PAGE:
Columban FiA Volunteer Juliette Bone recently attended a Refugee and Asylum Seeker Health (RASH) Course in Birmingham run by the Christian Medical Fellowship. She explains how the training day explored refugee and asylum seeker health; particularly the problems they encounter and the barriers they face in our health system.

Okay so I know technically it’s only halfway through the year, but I already recognise and appreciate the opportunities which are being thrown my way. From asylum policy and cases to environmental advocacy there are so many opportunities to grow.

Last weekend was just one of the amazing opportunities I’ve had to expand my understanding of the situation refugees and asylum seekers face in the UK health system and therefore improve my practice. On the 13th February, myself and Tobi, the other Faith in Action Volunteer, made our way to Christ Church in Selly Oak, Birmingham for a day of training on the health service for refugees run by the Christian Medical Foundation, CMF. Aimed mostly at staff from the health sector, including GPs and nurses, the day revolved around how we can best support vulnerable asylum seekers, refugees, and migrants in our places of work. From face to face interactions to political advocacy, the day was packed full of incredible speakers and the place was filled with like-minded individuals.

From start to end we encountered presentations, sessions and Q&As on common presenting problems, barriers to health, Modern Day Slavery and Trafficking, women and children and how the hostile environment can compound trauma and pose difficulties to ‘true’ integration. It made me consider deeply how with all this scientific evidence, especially those linking extended waiting times to extremism, how the government can continue to pursue the Hostile Environment Policy!

The most poignant part of the day for me was hearing two asylum stories, very different at first glance, but both highlighting the importance of friendship in their journey. The first encounter was a doctor from Afghanistan who told us about how he found God and his faith moments before he expected to be deported, and his 7-year journey back to work. He talked about how he had gone from being a well-known consultant in Afghanistan for many years to jumping through hoops to even become a registrar (type of junior doctor) in the UK.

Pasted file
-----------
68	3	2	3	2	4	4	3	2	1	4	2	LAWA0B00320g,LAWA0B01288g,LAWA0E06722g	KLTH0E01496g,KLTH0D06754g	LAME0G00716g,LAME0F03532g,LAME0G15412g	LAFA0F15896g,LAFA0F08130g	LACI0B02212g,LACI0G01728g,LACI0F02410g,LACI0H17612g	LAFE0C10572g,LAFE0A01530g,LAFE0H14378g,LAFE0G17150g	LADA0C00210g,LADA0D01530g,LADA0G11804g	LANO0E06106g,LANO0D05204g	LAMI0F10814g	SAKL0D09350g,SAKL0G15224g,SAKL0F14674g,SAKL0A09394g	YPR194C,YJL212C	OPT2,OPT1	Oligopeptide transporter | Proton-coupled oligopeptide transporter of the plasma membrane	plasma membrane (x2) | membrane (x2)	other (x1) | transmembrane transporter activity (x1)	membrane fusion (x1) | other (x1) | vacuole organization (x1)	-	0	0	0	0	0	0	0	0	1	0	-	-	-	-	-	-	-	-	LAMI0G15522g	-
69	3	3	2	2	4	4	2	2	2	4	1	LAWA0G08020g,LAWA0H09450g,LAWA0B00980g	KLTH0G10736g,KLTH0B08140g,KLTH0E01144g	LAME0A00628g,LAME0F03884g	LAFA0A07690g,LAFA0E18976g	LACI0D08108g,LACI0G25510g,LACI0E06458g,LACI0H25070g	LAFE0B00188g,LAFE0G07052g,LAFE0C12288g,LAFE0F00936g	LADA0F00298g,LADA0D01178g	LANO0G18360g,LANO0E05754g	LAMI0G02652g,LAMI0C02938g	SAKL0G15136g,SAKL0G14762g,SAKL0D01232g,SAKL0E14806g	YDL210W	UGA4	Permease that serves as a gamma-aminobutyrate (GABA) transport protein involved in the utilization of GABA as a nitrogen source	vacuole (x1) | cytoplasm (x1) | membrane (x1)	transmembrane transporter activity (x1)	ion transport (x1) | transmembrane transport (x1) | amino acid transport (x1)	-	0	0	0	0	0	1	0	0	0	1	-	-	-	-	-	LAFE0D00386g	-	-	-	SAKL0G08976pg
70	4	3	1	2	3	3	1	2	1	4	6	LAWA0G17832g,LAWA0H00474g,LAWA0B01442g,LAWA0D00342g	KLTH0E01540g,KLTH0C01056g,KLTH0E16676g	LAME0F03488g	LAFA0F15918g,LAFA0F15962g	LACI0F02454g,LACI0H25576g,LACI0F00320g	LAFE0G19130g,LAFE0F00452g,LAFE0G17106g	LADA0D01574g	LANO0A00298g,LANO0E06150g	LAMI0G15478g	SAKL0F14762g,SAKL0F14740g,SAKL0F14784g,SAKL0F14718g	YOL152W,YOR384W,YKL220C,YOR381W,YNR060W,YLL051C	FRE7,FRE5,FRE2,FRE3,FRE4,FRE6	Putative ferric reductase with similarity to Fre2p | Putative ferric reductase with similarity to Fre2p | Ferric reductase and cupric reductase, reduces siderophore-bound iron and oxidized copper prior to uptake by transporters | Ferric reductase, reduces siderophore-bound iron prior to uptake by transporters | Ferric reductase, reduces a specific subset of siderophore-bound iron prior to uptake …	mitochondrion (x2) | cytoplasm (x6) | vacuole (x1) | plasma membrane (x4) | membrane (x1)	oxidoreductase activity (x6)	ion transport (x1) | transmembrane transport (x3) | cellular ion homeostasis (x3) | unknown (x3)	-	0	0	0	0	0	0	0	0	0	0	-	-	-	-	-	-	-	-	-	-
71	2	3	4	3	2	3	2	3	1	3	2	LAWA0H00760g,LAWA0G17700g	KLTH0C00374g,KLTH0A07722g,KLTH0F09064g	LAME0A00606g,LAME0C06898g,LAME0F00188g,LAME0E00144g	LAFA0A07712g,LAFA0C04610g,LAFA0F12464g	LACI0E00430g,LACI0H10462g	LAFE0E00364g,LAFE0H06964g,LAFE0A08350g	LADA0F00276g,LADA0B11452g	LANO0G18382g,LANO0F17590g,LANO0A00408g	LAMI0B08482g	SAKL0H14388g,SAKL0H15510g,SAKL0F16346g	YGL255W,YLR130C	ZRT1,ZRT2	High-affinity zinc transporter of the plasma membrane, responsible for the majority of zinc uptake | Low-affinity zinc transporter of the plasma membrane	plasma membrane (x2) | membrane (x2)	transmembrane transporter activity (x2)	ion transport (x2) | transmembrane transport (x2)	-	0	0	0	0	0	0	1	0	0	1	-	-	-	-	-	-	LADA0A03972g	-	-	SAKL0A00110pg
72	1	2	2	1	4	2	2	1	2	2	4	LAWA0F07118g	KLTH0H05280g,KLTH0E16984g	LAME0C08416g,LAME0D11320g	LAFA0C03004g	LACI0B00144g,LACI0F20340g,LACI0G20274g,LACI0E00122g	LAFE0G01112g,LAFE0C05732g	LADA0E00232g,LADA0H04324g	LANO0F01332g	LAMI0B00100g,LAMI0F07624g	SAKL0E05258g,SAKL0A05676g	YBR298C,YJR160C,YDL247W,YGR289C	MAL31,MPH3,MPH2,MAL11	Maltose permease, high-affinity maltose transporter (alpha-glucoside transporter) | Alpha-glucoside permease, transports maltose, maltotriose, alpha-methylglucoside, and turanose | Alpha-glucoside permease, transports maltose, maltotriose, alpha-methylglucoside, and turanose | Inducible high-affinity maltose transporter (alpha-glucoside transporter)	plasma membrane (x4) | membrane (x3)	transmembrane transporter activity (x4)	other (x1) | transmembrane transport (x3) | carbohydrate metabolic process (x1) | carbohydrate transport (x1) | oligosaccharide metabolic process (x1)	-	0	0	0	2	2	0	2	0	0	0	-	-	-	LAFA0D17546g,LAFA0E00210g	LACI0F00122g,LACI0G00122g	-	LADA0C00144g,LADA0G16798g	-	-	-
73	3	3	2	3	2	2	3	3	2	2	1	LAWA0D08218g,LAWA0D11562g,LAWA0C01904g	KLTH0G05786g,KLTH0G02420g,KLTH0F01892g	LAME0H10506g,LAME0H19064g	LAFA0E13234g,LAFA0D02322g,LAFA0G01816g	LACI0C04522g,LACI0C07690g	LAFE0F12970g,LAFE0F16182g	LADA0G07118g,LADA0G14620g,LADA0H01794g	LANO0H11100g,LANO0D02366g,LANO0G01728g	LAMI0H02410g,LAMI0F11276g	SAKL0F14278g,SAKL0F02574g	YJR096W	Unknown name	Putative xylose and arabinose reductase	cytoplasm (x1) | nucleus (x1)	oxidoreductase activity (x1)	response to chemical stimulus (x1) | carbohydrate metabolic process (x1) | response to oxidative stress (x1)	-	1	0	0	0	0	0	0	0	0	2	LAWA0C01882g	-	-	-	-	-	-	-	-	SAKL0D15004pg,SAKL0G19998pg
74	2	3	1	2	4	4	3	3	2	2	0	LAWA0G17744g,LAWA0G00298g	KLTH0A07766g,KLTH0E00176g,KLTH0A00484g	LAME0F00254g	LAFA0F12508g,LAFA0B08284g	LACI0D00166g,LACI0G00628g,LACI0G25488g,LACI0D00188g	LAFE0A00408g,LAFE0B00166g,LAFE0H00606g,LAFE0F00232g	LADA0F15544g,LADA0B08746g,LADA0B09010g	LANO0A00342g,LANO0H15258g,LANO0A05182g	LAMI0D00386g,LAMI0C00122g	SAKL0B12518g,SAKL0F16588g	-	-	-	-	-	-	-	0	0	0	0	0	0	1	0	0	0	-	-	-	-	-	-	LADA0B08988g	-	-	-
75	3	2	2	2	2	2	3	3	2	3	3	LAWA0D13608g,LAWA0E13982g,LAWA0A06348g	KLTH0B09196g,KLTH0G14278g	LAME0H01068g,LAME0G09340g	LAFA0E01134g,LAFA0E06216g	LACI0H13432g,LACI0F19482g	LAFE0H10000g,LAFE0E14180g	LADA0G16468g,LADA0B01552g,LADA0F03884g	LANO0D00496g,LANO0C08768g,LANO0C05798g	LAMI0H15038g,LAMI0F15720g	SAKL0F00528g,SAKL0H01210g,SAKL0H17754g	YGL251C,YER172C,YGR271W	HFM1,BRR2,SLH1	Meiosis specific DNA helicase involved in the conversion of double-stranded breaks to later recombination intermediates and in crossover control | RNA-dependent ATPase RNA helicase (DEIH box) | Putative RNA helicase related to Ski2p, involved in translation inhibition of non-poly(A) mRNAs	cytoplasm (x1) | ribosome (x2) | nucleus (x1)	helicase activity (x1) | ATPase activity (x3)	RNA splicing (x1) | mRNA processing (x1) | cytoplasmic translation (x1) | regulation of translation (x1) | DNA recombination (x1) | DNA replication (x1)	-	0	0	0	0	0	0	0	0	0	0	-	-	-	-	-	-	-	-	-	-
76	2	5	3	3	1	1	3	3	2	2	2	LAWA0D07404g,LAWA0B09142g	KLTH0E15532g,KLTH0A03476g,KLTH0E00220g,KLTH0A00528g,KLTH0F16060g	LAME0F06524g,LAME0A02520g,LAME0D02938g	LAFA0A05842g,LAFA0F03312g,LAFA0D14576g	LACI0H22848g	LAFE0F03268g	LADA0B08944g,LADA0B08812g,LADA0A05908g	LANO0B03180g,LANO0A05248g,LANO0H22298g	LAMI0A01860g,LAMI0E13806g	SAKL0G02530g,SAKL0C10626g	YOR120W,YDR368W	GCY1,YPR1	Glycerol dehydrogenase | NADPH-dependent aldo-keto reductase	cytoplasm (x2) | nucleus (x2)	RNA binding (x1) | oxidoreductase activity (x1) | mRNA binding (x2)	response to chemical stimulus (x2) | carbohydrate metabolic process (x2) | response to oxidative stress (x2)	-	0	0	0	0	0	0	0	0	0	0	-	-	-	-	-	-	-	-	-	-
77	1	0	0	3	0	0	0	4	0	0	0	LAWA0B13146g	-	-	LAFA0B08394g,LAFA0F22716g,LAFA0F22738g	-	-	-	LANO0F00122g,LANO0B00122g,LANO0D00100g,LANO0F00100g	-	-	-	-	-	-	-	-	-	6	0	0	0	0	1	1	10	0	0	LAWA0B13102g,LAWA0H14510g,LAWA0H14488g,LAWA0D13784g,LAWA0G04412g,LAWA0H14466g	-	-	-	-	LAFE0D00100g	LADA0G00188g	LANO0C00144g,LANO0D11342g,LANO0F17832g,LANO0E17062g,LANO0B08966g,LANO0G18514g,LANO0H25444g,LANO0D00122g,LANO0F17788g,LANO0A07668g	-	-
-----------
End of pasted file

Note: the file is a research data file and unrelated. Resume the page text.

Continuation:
The other, was told by a refugee who had substantial surgery and critical health care needs within her first 6 months in the UK and had to cope with the stigma of having a stoma bag for a year. She spoke with tears in her eyes about the loneliness she faced, the language barrier, the racism on the ward from health professionals, and her relationship with her family who had lost her brother at the time. Her pain and trauma spoke to each individual in the room and brought to life the theory we had been discussing earlier in the day. Supported by a friend from church, we could only admire her bravery and honesty in sharing her story with us.

The two stories, though miles from each other, spoke of the importance of friendship, sensitivity and holistic care: joining the physical ailments to the mental, to the social and cultural. It truly is a calling to connect, to accompany and to demand better for those in the same position, to defy the Government’s hostility and unite sectors on the ground to create a supportive and compassionate welcome for those arriving on our shore.

For fellow Faith in Action Volunteer, Tobi Oyedele “What I took away was the importance of prioritising the overall health of refugees and asylum seekers. Laying direct and intentional focus on their mental health, physical health, emotional health etc. This means pushing policy to put funding into the health sector and ensuring a role is created specifically for this.”

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